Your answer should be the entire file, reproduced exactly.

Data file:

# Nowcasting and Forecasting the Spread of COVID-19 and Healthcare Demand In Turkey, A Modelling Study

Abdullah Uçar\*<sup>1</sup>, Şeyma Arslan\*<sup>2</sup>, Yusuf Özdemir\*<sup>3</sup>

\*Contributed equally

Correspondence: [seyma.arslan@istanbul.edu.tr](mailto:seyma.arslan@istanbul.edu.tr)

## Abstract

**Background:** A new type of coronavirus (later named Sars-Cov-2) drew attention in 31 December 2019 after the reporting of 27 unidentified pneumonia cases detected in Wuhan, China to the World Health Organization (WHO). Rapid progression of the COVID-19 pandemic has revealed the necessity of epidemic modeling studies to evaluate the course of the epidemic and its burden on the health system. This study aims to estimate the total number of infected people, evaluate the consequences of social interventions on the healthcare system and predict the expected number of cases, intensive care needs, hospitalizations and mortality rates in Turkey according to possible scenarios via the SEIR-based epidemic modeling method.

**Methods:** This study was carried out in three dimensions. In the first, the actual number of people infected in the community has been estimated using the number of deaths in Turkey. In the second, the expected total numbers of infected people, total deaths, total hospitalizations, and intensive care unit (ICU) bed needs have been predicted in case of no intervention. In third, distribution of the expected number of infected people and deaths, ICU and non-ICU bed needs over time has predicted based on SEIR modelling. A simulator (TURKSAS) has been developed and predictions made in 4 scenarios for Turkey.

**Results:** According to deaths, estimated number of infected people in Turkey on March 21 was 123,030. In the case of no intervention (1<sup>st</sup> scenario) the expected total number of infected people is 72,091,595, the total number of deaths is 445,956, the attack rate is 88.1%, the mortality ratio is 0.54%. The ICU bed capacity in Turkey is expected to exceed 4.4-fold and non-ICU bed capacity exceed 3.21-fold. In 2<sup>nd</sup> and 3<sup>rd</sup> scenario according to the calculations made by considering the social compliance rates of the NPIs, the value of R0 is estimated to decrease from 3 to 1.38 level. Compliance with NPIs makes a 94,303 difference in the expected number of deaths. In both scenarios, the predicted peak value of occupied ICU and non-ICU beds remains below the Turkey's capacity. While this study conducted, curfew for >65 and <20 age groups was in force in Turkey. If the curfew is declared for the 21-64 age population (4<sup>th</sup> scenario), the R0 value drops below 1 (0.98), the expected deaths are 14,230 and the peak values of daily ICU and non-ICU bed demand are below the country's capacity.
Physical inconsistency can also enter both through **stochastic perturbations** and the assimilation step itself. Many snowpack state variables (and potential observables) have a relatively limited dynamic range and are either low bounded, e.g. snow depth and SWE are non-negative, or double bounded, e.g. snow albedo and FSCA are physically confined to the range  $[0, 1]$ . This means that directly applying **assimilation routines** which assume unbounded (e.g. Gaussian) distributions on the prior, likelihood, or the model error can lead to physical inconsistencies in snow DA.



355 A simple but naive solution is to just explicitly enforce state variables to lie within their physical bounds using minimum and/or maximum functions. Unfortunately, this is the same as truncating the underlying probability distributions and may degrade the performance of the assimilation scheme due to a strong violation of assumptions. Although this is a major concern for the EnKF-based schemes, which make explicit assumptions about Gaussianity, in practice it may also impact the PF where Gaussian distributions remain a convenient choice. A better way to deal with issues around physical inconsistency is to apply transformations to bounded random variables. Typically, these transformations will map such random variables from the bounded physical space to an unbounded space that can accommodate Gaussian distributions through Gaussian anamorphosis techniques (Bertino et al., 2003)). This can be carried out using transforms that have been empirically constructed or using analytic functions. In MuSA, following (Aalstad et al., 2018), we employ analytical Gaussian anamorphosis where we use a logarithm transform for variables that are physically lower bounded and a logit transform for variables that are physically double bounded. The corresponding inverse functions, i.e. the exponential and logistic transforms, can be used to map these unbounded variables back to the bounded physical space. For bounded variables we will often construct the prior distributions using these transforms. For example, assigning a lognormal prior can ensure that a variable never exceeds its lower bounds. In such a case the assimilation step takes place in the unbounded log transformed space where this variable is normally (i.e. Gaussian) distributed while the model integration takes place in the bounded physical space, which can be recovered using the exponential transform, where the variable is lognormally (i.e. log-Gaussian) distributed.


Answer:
# Nowcasting and Forecasting the Spread of COVID-19 and Healthcare Demand In Turkey, A Modelling Study

Abdullah Uçar\*<sup>1</sup>, Şeyma Arslan\*<sup>2</sup>, Yusuf Özdemir\*<sup>3</sup>

\*Contributed equally

Correspondence: [seyma.arslan@istanbul.edu.tr](mailto:seyma.arslan@istanbul.edu.tr)

## Abstract

**Background:** A new type of coronavirus (later named Sars-Cov-2) drew attention in 31 December 2019 after the reporting of 27 unidentified pneumonia cases detected in Wuhan, China to the World Health Organization (WHO). Rapid progression of the COVID-19 pandemic has revealed the necessity of epidemic modeling studies to evaluate the course of the epidemic and its burden on the health system. This study aims to estimate the total number of infected people, evaluate the consequences of social interventions on the healthcare system and predict the expected number of cases, intensive care needs, hospitalizations and mortality rates in Turkey according to possible scenarios via the SEIR-based epidemic modeling method.

**Methods:** This study was carried out in three dimensions. In the first, the actual number of people infected in the community has been estimated using the number of deaths in Turkey. In the second, the expected total numbers of infected people, total deaths, total hospitalizations, and intensive care unit (ICU) bed needs have been predicted in case of no intervention. In third, distribution of the expected number of infected people and deaths, ICU and non-ICU bed needs over time has predicted based on SEIR modelling. A simulator (TURKSAS) has been developed and predictions made in 4 scenarios for Turkey.

**Results:** According to deaths, estimated number of infected people in Turkey on March 21 was 123,030. In the case of no intervention (1<sup>st</sup> scenario) the expected total number of infected people is 72,091,595, the total number of deaths is 445,956, the attack rate is 88.1%, the mortality ratio is 0.54%. The ICU bed capacity in Turkey is expected to exceed 4.4-fold and non-ICU bed capacity exceed 3.21-fold. In 2<sup>nd</sup> and 3<sup>rd</sup> scenario according to the calculations made by considering the social compliance rates of the NPIs, the value of R0 is estimated to decrease from 3 to 1.38 level. Compliance with NPIs makes a 94,303 difference in the expected number of deaths. In both scenarios, the predicted peak value of occupied ICU and non-ICU beds remains below the Turkey's capacity. While this study conducted, curfew for >65 and <20 age groups was in force in Turkey. If the curfew is declared for the 21-64 age population (4<sup>th</sup> scenario), the R0 value drops below 1 (0.98), the expected deaths are 14,230 and the peak values of daily ICU and non-ICU bed demand are below the country's capacity.
Physical inconsistency can also enter both through **stochastic perturbations** and the assimilation step itself. Many snowpack state variables (and potential observables) have a relatively limited dynamic range and are either low bounded, e.g. snow depth and SWE are non-negative, or double bounded, e.g. snow albedo and FSCA are physically confined to the range  $[0, 1]$ . This means that directly applying **assimilation routines** which assume unbounded (e.g. Gaussian) distributions on the prior, likelihood, or the model error can lead to physical inconsistencies in snow DA.



355 A simple but naive solution is to just explicitly enforce state variables to lie within their physical bounds using minimum and/or maximum functions. Unfortunately, this is the same as truncating the underlying probability distributions and may degrade the performance of the assimilation scheme due to a strong violation of assumptions. Although this is a major concern for the EnKF-based schemes, which make explicit assumptions about Gaussianity, in practice it may also impact the PF where Gaussian distributions remain a convenient choice. A better way to deal with issues around physical inconsistency is to apply transformations to bounded random variables. Typically, these transformations will map such random variables from the bounded physical space to an unbounded space that can accommodate Gaussian distributions through Gaussian anamorphosis techniques (Bertino et al., 2003)). This can be carried out using transforms that have been empirically constructed or using analytic functions. In MuSA, following (Aalstad et al., 2018), we employ analytical Gaussian anamorphosis where we use a logarithm transform for variables that are physically lower bounded and a logit transform for variables that are physically double bounded. The corresponding inverse functions, i.e. the exponential and logistic transforms, can be used to map these unbounded variables back to the bounded physical space. For bounded variables we will often construct the prior distributions using these transforms. For example, assigning a lognormal prior can ensure that a variable never exceeds its lower bounds. In such a case the assimilation step takes place in the unbounded log transformed space where this variable is normally (i.e. Gaussian) distributed while the model integration takes place in the bounded physical space, which can be recovered using the exponential transform, where the variable is lognormally (i.e. log-Gaussian) distributed.